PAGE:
Clinical management of immunocompetent hospitalized patients with community-acquired pneumonia

Eur J Intern Med. 2004 Feb;15(1):28-34. doi: 10.1016/j.ejim.2003.11.003.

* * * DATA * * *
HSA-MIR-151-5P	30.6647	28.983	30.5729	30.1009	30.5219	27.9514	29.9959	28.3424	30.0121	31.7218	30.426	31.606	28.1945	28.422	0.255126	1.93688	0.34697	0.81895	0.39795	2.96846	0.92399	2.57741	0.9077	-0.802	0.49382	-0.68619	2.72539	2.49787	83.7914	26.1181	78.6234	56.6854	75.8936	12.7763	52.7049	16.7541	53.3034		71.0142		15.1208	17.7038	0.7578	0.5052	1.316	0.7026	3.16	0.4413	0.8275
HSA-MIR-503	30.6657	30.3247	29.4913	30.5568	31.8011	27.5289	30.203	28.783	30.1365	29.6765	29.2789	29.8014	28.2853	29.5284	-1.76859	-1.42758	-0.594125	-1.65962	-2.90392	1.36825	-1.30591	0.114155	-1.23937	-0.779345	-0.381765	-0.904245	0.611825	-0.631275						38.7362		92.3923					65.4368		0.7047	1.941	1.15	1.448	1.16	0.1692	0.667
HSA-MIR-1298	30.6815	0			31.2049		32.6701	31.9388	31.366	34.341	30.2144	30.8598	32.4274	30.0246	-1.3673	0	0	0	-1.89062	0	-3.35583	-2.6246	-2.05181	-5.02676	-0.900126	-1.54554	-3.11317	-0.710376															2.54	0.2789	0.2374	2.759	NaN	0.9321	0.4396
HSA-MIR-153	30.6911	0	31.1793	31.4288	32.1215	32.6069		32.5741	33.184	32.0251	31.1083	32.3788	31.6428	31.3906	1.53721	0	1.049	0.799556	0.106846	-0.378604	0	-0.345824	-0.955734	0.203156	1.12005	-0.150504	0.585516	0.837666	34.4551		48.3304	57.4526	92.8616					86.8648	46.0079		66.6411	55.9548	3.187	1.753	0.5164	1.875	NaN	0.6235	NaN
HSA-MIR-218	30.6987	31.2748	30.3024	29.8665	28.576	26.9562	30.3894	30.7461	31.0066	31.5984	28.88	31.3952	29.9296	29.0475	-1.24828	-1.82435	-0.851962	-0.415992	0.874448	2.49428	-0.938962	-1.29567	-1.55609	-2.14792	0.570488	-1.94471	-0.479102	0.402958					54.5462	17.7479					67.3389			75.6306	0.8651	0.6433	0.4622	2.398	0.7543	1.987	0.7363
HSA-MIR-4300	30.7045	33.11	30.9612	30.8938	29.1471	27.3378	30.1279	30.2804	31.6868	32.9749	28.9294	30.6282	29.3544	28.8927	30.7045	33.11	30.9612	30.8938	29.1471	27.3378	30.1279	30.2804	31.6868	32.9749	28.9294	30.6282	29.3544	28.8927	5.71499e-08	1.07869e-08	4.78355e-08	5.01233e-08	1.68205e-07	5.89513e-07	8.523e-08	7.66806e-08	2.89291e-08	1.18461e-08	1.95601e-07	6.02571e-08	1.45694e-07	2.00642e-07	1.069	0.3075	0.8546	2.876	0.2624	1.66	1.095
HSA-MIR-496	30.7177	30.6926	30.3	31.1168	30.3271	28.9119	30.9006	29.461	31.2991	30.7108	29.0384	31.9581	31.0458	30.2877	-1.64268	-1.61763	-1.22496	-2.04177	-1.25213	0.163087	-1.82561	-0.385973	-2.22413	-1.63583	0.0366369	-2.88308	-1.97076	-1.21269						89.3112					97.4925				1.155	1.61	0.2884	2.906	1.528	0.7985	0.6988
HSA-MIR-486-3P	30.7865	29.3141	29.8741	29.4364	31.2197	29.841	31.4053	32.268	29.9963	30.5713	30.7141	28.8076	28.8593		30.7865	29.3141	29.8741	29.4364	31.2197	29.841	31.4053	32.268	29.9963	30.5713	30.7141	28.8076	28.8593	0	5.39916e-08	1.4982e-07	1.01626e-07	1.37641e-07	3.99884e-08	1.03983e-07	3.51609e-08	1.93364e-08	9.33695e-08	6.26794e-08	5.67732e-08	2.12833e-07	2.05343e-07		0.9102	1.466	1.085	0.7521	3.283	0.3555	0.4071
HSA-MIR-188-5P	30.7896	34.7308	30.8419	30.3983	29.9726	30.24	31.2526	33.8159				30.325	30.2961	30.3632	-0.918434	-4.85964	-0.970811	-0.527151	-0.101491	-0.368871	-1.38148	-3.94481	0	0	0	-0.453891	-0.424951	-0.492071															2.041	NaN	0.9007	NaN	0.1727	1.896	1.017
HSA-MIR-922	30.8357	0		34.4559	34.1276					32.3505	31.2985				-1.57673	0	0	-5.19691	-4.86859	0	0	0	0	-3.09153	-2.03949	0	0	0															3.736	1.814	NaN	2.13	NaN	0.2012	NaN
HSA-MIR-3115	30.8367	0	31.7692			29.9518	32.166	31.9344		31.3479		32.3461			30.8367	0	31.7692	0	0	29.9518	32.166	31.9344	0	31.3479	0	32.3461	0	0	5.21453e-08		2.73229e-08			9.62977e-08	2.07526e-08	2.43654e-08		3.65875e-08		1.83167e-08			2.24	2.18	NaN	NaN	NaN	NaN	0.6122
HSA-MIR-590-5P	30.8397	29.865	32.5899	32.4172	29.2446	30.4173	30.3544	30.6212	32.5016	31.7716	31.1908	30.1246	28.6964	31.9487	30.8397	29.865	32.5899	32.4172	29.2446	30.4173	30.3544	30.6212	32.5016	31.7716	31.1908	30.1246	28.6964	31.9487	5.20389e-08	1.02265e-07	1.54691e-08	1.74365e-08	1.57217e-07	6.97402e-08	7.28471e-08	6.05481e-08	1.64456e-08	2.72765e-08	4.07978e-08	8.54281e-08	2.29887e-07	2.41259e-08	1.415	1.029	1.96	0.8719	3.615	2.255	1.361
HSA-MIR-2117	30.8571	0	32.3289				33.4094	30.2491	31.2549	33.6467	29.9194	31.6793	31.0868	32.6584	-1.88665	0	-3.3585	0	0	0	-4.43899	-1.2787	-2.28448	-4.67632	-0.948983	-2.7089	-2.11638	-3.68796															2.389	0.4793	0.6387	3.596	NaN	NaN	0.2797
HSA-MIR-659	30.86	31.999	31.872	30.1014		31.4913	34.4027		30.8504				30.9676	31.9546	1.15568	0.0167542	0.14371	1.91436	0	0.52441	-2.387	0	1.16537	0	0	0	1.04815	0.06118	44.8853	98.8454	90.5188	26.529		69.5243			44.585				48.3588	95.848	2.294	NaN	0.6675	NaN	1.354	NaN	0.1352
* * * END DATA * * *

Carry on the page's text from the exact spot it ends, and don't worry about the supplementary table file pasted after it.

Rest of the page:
Background: Clinical practices and guidelines may differ regarding the management of inpatients with community-acquired pneumonia (CAP). Methods: The management of 152 consecutive CAP inpatients (70+/-17 years) admitted to a teaching hospital was analyzed retrospectively and compared with published data and an evidence-based guideline developed at our institution. Results: Of the patients studied, 64% had a high prognostic score index (PSI), 14% were admitted to the ICU, and 4.6% died. Initially, patients received either a one-drug (47%) or a two-drug (53%) antibiotic regimen. None of the 20 PSI parameters, and neither the PSI nor admission to the ICU, was associated with the initial antibiotic regimen. Agreement between current practice and our guideline was low (kappa=0.16). Following the recommendations would have led to a decrease of 51% in the initial two-drug regimen. The duration of i.v. antibiotherapy was higher in patients following the two-drug regimen (142+/-150 vs. 102+/-60 h, P<0.05). Chest physiotherapy (CP) and bronchodilatators (BD) were prescribed in 72% and 54% of cases, respectively (median duration 10 days). Conclusions: The variations observed in the clinical management of CAP inpatients were not in agreement with published guidelines. The overuse of a two-drug regimen, CP, and BD necessitates the development and implementation of evidence-based guidelines proposing detailed steps for the management of CAP inpatients.